Two main cultural forces influenced the development of Vietnamese cuisine over history. Centuries of Chinese occupation brought in noodles, roast meats and steamed buns, among others. Decades of French colonialization led to the perfection of the stuffed baguette, giving the world bánh mì, as well as the signature coffee with condensed milk. Notably, phở was born out of the interaction between the French and Chinese in the 20th century.
However, there is one uniquely rice-based food product from Vietnam that cannot be found anywhere else: rice paper (bánh tráng).
Rice paper origins
Similar to bánh cuốn (steamed rice rolls), rice paper is made from a rice flour-based batter, steamed on a piece of cloth stretching on top of a boiling water pot. The cooked rice sheets are then placed on a bamboo mat to dry in the sun, which gives them their weaving patterns. Rice paper is thin (almost transparent) and crackly, but once hydrated it becomes chewy and pliable, which can be used as wrappers for many Vietnamese iconic dishes, such as spring rolls (chả giò) and summer rolls (also known as salad rolls or gỏi cuốn).
Legend has it that because rice paper was easy to store and quick to prepare, it was the staple food for the Tây Sơn dynasty’s soldiers who were on their way to the war field in the 18th century. It eventually followed the troops to their victory in the Đống Đa battle and was served during the celebration. Thus, the name “bánh đa” came about in Northern Vietnam.
Most sources indicated that rice paper originated in Bình Định, where it is considered a major carbohydrate source. When people in Central Vietnam travelled southward, they brought their specialty with them. Since then, more variations of rice paper popped up and became a mainstay in many provinces in the region. Tây Ninh is known for its moist rice paper that has been dried overnight to absorb the dew, while Bến Tre incorporates coconut milk into the batter. Across the three regions, different ingredients are added to rice paper, but the most basic, made from rice flour, salt and water, remains the most versatile.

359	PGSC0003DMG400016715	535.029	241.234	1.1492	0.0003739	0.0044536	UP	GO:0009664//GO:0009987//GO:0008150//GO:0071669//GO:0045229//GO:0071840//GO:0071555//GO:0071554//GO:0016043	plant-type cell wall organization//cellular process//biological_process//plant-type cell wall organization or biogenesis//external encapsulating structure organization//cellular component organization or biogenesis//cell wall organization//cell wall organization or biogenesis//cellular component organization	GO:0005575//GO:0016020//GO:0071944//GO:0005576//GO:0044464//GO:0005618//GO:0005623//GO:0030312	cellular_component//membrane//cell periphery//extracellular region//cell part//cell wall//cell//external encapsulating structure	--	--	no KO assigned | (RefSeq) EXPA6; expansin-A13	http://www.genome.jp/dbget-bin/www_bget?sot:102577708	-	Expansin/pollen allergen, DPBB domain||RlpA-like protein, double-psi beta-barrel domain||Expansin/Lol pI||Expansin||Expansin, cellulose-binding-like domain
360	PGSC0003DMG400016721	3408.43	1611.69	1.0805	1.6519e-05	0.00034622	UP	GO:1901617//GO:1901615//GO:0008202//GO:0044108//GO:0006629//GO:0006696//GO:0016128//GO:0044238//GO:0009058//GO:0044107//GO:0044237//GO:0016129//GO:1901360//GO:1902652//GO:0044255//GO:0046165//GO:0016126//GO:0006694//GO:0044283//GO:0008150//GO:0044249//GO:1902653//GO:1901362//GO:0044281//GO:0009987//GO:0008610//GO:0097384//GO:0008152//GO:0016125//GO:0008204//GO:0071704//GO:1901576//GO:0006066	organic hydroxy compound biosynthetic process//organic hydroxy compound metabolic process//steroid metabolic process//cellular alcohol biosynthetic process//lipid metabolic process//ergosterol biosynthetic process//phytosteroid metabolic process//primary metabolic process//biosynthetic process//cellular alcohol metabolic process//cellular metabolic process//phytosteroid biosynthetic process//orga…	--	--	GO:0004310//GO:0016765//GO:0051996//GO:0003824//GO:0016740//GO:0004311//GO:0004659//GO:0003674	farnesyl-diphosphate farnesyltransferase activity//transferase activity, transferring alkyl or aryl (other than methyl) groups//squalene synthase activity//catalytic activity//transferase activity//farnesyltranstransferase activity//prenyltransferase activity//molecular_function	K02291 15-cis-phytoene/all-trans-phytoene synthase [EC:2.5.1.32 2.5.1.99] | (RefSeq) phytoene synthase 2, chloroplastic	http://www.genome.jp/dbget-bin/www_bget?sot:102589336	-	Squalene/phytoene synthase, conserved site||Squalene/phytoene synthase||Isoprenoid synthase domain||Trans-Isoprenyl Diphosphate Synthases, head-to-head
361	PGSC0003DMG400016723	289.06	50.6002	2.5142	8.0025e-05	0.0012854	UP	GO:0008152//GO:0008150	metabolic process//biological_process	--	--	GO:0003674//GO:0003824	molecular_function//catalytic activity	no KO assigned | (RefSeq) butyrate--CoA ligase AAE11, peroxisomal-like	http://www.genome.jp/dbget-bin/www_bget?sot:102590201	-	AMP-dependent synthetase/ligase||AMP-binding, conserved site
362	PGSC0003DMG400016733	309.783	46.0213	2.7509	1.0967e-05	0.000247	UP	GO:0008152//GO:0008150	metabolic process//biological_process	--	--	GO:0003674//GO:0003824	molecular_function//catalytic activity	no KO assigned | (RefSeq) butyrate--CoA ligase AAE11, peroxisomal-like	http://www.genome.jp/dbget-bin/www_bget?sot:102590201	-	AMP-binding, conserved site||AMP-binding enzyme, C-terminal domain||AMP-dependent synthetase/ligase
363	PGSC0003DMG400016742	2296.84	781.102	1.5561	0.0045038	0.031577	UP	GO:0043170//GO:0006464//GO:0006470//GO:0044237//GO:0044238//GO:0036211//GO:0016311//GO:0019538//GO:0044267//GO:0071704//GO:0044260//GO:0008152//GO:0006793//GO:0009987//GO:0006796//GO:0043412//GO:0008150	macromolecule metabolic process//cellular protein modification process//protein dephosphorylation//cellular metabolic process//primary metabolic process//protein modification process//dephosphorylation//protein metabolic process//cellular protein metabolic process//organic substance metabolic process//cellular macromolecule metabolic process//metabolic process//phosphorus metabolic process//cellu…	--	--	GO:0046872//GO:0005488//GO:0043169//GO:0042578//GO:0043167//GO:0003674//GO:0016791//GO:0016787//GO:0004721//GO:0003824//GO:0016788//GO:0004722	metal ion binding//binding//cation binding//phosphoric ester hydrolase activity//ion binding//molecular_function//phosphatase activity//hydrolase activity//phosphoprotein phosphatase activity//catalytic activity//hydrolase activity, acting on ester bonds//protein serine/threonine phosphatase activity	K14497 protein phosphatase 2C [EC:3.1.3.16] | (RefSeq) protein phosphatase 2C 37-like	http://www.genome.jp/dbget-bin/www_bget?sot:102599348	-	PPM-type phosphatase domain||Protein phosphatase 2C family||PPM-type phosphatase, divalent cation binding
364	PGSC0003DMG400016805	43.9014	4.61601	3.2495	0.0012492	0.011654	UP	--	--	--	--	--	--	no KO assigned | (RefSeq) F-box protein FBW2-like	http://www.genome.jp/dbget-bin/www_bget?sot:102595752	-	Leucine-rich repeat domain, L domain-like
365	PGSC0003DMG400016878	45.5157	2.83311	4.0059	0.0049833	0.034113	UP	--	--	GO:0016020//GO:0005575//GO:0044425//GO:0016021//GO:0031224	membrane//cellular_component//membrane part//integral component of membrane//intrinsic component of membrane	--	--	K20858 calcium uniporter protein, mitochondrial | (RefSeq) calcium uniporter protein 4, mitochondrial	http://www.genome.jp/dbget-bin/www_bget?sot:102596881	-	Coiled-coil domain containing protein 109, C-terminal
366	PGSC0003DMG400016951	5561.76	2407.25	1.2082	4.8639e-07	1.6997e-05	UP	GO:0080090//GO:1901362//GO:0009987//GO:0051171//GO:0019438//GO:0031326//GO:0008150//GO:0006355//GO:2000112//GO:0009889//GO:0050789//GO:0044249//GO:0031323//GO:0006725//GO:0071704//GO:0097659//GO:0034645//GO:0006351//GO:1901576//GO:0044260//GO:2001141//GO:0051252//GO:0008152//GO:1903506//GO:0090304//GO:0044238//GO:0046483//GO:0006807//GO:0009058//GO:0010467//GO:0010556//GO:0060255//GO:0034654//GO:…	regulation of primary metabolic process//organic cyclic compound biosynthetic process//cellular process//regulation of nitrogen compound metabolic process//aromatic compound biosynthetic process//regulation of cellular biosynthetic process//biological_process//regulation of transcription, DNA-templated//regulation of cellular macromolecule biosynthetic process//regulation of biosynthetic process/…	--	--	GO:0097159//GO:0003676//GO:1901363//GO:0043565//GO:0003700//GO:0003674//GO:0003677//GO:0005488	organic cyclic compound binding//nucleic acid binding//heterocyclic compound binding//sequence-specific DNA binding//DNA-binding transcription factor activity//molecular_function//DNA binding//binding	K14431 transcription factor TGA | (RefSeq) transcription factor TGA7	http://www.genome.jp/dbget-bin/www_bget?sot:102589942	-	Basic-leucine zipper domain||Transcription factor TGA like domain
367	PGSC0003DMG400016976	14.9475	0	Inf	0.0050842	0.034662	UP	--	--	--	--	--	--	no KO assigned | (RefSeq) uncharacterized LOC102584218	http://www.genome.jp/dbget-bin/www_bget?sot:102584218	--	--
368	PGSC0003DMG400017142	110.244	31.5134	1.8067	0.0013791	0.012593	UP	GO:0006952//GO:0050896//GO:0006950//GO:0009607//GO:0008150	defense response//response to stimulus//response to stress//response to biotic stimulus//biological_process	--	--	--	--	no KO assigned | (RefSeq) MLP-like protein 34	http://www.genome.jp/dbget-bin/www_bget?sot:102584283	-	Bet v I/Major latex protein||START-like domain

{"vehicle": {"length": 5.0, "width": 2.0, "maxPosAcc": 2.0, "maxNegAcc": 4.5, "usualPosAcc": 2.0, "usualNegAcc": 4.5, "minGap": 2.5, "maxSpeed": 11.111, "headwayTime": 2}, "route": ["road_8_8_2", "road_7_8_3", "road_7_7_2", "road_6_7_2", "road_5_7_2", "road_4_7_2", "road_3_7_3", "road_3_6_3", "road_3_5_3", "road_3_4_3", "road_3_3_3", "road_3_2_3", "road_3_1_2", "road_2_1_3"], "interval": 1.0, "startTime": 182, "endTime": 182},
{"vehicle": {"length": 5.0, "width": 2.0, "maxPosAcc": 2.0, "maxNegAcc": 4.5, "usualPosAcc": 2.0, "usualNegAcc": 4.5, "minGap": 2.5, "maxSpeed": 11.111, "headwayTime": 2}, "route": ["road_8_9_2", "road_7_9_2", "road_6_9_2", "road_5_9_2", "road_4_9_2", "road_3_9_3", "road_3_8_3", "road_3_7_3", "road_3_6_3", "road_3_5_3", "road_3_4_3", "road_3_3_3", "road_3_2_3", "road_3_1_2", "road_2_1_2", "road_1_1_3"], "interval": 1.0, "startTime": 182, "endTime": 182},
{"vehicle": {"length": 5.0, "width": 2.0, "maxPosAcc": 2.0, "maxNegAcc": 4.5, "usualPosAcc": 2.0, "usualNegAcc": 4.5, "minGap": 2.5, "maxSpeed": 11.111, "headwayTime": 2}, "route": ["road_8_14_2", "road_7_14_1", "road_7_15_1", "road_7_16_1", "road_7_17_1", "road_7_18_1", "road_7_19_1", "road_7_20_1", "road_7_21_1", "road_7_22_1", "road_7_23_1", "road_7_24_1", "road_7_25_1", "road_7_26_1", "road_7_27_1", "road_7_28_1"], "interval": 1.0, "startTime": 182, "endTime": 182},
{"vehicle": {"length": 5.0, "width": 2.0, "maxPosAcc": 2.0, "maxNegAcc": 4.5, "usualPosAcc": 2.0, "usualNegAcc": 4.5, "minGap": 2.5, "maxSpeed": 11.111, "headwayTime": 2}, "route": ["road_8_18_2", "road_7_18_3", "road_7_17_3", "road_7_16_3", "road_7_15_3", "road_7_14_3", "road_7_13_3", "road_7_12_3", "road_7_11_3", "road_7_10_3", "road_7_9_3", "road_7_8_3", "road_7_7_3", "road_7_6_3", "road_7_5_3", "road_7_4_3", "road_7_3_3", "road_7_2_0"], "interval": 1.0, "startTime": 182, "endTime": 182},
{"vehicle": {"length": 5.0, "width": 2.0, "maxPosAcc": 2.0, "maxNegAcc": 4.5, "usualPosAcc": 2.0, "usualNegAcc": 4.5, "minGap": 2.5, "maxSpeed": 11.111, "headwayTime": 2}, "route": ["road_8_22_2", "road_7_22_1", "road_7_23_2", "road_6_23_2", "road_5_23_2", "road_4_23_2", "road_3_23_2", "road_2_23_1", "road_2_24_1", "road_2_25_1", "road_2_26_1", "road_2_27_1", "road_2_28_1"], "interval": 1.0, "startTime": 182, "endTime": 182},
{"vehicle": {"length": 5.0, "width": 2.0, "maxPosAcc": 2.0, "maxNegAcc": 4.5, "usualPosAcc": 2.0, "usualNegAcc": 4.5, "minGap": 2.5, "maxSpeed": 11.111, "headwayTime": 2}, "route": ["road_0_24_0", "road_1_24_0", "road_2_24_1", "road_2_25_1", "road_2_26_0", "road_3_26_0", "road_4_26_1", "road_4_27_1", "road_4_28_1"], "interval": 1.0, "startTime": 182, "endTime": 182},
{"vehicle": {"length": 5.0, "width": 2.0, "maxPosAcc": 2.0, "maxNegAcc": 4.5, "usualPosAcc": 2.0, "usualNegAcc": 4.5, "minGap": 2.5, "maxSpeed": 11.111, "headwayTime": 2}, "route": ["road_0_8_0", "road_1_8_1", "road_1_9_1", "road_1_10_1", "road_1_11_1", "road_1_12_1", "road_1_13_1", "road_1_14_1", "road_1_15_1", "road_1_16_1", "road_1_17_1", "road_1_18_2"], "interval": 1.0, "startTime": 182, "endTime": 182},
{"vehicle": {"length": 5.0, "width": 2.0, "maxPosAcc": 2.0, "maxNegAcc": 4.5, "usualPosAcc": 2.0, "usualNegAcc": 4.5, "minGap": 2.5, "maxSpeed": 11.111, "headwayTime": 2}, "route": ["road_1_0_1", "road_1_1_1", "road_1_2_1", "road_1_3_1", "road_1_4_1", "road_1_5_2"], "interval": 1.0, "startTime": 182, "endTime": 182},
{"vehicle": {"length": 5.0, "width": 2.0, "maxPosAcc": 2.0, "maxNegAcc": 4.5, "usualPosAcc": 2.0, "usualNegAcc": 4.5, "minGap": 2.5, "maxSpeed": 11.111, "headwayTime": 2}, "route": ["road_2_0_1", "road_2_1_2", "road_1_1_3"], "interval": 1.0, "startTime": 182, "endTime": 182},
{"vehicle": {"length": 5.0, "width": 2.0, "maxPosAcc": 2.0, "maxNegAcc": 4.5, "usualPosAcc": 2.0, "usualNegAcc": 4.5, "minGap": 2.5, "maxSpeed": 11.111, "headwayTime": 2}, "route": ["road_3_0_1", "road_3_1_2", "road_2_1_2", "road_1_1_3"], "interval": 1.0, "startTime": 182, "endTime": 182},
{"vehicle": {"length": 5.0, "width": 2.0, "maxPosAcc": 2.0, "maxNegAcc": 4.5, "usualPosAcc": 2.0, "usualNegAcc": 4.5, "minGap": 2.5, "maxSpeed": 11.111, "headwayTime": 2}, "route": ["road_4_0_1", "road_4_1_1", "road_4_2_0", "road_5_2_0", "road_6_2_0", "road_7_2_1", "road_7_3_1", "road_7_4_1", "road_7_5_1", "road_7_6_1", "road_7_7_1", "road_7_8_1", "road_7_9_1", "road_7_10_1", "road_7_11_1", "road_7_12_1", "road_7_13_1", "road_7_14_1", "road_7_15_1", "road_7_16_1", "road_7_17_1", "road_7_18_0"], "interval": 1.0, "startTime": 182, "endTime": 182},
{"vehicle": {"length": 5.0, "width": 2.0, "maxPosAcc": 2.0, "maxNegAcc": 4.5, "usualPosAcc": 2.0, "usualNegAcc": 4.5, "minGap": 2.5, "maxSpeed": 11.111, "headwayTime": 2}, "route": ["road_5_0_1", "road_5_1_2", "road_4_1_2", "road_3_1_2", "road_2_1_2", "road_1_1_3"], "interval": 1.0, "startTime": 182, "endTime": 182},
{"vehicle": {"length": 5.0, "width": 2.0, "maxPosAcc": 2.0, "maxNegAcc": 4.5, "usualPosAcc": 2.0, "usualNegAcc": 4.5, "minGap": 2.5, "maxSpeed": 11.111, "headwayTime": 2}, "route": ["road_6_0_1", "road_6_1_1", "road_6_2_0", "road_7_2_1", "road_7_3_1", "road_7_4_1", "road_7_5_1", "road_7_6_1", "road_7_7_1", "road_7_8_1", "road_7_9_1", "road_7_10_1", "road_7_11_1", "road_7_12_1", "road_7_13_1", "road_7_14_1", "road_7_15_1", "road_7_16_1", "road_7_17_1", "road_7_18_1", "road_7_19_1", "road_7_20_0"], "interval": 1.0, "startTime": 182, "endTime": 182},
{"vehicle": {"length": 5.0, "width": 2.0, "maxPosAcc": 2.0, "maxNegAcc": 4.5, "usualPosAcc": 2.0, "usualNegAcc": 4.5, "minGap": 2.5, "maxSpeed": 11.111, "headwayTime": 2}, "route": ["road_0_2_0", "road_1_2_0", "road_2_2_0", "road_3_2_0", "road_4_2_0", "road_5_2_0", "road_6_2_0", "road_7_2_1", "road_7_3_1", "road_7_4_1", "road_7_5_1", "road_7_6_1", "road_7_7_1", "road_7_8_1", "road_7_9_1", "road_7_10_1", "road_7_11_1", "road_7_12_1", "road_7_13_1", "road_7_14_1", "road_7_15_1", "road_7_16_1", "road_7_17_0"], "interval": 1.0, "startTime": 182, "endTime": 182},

Spring rolls (Chả giò/Nem rán)
The use of rice paper as wrappers sets Vietnamese spring rolls apart from the Chinese versions, which use wheat-based wrappers. Recipes vary across regions and households, but common ingredients in the filling include ground pork, wood-ear mushrooms, mung bean vermicelli and jicama. All are rolled up in a sheet of moistened rice paper and deep-fried.
Spring rolls can be eaten as appetizers or paired with rice vermicelli, herbs and dipping fish sauce to make spring roll vermicelli bowl (bún chả giò) for a main course.
Summer rolls or salad rolls (Gỏi cuốn & bò bía)
It’s easy for foreigners to confuse gỏi cuốn and bò bía, as both are fresh rice paper rolls with a hoisin dipping sauce. The key difference is in the filling.
For gỏi cuốn, rice vermicelli, pork belly slices, prawns, bean sprouts and mixed herbs are rolled into a moistened rice paper sheet. In addition to hoisin sauce, one can also come across fermented fish paste dipping sauce, which is saltier and more pungent.
Bò bía, on the other hand, consists of sliced jicama, Chinese sausage, shredded omelet, dried small shrimps and lettuce. It’s smaller and sweeter than gỏi cuốn.
Meat platter rolls
All over Vietnam, rice paper is used as a vessel to hold the ingredients of a meat platter together. While the type of meat and methods of preparation vary, the basic components include meat (or fish), rice vermicelli, raw vegetables, herbs and a dipping sauce.
Often, the setup resembles a DIY station that allows eaters to choose the ingredients and complete the rolls by themselves. This makes for a fun communal dining experience.
Mixed rice paper salad (Bánh tráng trộn)
Bánh tráng trộn has been an uber-popular street snack for the last decade or so in Vietnam. The trend is believed to start from Tây Ninh, where people repurpose rice paper scraps by mixing them with dried shrimp salt and chili oil. It was so appetizing that the dish made its way into Saigon and vendors began to embellish the humble rice paper with more ingredients such as beef jerky, crispy fried shallots and mayonnaise.
You can spot mixed rice paper salad vendors on many Saigon streets nowadays, especially those near schools or universities, as this is a beloved snack for students.
Grilled rice paper (Bánh tráng nướng)
Coined as Vietnamese pizza, bánh tráng nướng consists of dried shrimps, eggs, pork floss and other toppings on a rice paper sheet, grilled until crisp on a charcoal stove. To garnish, vendors add chili sauce and mayonnaise.
This dish hails from Đà Lạt, a city in Vietnam’s central highlands with a cool climate. Sitting beside a charcoal stove and munching on crispy rice paper in the chilly weather is a must for any visitors to this charming destination.
This post is also available in: Tiếng Việt